A nice basketry (woven fiber) yam mask from the Abelam people of the East Sepik Province. Made from woven natural fibers and painted with colored pigments. This example is in the typical style, finely woven with open-work mouth, nose, eyes and headdress. Painted in shades of red, yelllow, black and white. Condition is in near choice. Some light fraying along the nose, else intact.

One of the major focuses of ceremonial life among the Abelam people is the competitive growth and exchange of large yams. A man's social status is determined largely on his ability to cultivate special ceremonial yams which can grow up to 12 feet long. At the harvest yam festival they are prominently displayed in front of the ceremonial house. These masks are used to decorate the larger, most important yams. Lavishly adorned for the presentation ceremony, the finest yams are essentially transformed into human images, decorated in the manner of men in full ceremonial regalia. The "heads" of the enormous tubers are adorned with specially made yam masks such as this one, which are made exclusively for yams and are never worn by humans.

Approx 8" wide x 10" tall.


New Guinea Vessels PNG Pottery Collection — New Guinea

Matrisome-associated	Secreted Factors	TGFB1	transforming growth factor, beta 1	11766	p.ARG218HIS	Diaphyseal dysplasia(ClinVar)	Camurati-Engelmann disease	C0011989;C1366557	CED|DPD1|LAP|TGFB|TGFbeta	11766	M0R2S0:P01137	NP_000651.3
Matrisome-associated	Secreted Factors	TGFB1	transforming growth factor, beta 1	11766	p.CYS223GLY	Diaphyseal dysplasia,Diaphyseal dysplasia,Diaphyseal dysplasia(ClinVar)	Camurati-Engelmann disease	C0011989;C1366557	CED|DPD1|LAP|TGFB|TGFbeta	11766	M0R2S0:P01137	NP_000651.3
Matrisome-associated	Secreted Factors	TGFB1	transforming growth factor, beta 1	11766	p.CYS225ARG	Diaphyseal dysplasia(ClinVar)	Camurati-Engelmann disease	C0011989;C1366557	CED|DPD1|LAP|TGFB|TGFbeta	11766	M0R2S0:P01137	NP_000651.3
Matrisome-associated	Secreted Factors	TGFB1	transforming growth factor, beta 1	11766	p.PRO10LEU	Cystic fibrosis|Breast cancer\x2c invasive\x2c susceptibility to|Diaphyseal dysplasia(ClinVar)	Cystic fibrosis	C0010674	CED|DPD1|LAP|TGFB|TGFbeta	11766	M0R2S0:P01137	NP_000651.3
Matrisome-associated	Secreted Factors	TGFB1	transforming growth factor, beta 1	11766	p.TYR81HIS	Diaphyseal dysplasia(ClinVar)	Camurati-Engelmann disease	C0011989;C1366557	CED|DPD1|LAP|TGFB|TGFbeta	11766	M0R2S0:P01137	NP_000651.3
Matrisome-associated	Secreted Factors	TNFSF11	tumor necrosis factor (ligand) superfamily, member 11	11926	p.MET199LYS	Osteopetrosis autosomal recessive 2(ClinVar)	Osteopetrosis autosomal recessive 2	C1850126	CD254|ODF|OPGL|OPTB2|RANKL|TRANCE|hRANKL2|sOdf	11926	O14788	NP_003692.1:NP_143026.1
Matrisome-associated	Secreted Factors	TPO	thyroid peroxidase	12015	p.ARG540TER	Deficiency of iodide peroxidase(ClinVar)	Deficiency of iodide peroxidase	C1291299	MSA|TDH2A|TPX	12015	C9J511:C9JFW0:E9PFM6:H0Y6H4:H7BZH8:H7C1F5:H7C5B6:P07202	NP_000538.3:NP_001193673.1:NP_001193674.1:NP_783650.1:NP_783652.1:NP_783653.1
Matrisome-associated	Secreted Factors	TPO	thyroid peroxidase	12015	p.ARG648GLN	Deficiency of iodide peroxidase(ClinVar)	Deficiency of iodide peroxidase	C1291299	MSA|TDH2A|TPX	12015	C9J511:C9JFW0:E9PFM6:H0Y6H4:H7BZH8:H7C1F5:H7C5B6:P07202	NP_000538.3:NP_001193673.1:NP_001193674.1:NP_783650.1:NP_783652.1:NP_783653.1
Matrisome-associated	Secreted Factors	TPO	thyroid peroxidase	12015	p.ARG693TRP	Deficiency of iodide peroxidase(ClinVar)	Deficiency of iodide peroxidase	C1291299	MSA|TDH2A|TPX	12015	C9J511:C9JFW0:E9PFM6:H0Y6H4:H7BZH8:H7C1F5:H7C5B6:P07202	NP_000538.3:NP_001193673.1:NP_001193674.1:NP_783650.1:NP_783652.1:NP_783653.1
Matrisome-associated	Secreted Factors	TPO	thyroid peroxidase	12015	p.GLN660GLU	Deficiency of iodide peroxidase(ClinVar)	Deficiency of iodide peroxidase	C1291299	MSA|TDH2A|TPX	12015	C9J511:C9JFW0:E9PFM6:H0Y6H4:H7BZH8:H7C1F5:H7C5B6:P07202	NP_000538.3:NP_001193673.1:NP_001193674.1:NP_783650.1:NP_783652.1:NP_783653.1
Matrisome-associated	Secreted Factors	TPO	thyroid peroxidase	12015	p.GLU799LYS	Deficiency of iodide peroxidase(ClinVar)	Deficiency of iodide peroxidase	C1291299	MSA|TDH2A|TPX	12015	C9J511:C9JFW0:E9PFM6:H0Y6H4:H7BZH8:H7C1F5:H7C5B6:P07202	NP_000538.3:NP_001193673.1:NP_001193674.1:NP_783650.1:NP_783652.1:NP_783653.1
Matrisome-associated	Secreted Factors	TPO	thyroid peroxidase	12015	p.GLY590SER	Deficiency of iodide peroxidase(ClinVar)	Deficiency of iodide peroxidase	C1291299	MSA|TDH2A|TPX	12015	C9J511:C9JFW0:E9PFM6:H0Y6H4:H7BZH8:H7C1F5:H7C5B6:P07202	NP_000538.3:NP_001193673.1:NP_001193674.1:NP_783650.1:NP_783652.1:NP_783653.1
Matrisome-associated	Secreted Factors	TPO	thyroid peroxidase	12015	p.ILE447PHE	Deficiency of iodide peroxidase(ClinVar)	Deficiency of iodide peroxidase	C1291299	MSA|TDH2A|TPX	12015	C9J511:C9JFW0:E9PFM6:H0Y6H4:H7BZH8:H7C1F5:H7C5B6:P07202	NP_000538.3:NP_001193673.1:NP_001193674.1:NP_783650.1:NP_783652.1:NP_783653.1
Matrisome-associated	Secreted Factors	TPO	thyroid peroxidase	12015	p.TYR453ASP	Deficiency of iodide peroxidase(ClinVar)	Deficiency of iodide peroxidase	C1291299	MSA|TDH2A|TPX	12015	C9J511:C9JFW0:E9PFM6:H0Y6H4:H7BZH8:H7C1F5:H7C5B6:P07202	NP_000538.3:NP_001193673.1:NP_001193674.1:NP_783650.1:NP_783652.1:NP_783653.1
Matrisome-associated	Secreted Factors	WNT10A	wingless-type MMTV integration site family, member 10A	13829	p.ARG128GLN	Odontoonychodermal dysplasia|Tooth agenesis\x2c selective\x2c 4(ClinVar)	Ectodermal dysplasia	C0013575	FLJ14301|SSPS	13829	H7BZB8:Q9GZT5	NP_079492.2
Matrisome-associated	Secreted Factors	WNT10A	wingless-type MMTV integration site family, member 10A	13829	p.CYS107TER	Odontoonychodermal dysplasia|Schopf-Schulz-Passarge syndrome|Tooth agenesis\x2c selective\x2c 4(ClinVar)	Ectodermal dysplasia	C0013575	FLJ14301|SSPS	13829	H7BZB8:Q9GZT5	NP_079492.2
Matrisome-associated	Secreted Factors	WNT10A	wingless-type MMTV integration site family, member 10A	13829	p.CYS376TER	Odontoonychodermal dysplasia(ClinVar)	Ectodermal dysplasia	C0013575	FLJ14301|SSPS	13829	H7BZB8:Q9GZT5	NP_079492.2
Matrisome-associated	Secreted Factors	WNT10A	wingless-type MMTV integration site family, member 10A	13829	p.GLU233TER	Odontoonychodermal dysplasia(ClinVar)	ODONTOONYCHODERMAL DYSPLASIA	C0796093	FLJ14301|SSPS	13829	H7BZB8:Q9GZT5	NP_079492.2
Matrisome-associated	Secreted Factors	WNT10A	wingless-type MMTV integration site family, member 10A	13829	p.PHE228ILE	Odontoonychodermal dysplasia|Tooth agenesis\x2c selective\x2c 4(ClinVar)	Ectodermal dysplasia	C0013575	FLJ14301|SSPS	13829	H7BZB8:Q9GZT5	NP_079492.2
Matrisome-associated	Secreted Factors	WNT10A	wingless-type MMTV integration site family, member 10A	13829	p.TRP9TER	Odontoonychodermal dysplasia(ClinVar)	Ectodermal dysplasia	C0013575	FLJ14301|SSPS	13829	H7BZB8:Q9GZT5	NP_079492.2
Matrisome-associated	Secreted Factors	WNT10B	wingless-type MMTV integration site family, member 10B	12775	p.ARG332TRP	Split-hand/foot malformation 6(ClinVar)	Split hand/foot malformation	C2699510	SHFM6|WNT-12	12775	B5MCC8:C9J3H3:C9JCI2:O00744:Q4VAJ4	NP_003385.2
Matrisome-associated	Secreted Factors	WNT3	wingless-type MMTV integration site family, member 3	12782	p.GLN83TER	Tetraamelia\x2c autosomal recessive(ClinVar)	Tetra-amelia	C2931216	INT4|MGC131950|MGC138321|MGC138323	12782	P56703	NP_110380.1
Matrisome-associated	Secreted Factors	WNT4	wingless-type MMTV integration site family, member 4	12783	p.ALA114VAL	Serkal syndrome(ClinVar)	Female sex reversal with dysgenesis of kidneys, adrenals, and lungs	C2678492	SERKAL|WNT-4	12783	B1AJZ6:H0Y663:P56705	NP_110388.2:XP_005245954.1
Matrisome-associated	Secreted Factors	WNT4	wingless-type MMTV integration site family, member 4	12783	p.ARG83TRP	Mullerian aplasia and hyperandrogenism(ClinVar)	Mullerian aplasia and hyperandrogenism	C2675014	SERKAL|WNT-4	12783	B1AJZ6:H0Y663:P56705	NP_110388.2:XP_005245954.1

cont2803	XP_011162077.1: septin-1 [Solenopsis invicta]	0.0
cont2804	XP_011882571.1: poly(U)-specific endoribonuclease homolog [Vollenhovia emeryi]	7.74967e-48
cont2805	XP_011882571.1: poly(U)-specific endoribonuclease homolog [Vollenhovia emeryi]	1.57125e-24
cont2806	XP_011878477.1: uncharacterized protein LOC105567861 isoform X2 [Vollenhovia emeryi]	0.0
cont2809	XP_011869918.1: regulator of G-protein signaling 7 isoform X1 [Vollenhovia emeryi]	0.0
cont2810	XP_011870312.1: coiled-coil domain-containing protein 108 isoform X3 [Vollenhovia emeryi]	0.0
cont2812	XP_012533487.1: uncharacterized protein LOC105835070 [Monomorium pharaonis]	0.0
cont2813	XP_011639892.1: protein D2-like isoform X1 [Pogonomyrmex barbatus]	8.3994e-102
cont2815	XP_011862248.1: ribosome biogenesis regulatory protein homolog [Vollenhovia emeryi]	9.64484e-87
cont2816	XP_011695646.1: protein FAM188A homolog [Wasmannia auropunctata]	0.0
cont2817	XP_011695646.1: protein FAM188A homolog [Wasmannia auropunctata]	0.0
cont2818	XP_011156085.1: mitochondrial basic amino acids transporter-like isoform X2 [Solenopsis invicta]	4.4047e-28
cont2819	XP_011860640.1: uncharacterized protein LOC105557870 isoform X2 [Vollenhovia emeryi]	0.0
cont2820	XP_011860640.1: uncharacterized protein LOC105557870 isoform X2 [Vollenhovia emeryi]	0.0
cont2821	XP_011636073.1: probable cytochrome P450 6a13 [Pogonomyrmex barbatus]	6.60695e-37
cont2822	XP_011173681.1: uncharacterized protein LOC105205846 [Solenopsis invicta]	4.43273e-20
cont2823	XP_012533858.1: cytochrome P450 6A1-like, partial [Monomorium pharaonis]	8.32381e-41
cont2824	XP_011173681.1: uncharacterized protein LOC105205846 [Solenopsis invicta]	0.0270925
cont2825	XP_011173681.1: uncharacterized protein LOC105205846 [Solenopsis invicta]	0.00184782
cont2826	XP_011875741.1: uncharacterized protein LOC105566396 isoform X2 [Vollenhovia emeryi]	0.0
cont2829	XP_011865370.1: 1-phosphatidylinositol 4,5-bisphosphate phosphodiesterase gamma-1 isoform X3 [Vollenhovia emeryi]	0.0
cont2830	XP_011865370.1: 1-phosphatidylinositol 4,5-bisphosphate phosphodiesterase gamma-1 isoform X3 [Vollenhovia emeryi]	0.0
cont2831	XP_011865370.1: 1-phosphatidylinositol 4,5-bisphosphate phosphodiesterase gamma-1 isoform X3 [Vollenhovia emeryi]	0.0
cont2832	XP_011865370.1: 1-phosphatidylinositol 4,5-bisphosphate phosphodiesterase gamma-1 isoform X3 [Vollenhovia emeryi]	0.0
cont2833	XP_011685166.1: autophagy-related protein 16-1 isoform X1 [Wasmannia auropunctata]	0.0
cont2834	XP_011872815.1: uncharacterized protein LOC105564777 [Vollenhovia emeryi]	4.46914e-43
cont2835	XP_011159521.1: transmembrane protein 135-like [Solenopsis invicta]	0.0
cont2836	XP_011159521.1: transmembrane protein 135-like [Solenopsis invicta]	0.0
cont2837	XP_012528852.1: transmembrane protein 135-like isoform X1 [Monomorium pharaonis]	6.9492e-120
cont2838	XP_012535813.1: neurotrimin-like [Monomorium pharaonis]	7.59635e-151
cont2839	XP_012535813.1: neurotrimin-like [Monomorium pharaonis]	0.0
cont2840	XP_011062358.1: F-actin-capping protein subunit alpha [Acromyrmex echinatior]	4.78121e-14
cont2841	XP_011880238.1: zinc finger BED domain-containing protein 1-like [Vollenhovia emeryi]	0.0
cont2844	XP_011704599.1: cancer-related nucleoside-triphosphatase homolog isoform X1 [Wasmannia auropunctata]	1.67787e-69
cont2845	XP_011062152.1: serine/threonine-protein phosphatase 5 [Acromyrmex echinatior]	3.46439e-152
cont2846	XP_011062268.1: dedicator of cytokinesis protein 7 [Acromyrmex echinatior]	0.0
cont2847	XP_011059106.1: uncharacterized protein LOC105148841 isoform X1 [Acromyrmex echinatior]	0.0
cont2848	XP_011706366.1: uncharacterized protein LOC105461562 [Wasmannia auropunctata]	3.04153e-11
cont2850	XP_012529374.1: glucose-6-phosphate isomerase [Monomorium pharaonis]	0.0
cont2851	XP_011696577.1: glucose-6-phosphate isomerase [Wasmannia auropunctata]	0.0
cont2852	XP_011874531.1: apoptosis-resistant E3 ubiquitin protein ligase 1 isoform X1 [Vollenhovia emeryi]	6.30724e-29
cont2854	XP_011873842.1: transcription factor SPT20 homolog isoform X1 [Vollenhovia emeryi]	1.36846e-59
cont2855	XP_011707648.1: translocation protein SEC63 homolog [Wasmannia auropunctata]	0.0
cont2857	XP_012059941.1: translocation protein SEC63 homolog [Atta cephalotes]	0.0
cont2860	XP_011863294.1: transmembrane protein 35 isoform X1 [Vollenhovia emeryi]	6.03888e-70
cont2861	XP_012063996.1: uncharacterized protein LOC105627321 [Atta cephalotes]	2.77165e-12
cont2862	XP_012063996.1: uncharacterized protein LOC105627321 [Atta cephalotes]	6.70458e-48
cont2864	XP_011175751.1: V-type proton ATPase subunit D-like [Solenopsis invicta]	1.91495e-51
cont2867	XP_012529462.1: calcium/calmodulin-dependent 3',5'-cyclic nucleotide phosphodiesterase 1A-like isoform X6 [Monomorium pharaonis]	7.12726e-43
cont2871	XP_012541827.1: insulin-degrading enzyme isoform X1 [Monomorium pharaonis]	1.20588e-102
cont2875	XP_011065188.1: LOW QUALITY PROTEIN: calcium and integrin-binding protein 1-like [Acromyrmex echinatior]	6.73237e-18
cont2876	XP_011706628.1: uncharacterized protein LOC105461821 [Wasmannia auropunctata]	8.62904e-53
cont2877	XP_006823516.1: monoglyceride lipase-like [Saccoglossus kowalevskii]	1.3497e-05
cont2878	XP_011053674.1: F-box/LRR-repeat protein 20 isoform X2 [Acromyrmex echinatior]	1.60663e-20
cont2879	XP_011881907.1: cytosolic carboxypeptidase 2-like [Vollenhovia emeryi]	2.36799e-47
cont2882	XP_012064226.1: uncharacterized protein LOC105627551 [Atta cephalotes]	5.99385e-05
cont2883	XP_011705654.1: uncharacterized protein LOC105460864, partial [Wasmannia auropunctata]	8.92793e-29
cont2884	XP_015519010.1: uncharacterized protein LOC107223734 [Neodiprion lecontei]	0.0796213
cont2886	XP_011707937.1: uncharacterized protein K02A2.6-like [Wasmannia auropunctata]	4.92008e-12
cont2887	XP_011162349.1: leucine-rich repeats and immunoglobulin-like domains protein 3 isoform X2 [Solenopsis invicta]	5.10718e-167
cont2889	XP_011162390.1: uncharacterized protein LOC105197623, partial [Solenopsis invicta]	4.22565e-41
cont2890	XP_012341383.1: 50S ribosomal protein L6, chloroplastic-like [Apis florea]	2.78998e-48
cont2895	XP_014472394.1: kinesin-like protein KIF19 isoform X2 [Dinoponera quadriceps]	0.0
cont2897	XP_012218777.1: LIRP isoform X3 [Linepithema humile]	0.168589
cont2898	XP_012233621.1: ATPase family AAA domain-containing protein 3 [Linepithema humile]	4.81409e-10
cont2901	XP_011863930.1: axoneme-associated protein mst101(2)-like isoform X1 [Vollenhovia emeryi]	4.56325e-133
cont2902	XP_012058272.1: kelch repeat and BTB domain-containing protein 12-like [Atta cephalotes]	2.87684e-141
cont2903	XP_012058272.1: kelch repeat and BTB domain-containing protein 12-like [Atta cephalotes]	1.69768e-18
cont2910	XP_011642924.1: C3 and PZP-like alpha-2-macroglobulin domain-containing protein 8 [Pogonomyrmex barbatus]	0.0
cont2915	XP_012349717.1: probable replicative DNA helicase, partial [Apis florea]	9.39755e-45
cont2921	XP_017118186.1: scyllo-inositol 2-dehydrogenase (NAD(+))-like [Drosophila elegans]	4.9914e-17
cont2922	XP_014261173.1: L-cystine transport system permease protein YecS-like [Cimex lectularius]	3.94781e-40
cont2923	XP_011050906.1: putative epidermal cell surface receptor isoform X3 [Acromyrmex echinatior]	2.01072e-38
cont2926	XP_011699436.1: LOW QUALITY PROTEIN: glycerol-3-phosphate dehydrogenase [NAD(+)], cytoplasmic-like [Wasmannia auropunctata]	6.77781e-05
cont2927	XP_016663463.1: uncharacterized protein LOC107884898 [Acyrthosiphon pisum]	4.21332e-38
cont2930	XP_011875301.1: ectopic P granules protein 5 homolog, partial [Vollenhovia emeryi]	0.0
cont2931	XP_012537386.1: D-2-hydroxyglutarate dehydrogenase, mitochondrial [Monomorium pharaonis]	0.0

Mid-20th Century

A rare collection of pottery vessels from Papua New Guinea. Originally collected around 1960 from the (Latmul speaking) village of Aibom, which sits inland off the middle Sepik River in the Chambri Lakes region. Nicely sculpted in the traditional style, each are "janus" type, with similar designs on each side. All are basket-form with birds adorning each side of the handles. In very good condition. All have a few glued breaks as well as minor chips and dings. Generally near choice with strong paint. They show no sign of tribal use and are most likely early tourist pieces. Still a great collection of mid-century PNG pottery pieces. Damage could easily be restored, but display beautifully in their current condition. Not for sale individually. These were all acquired together and I prefer to keep the collection intact.

Heights range from 7" to 4.5" tall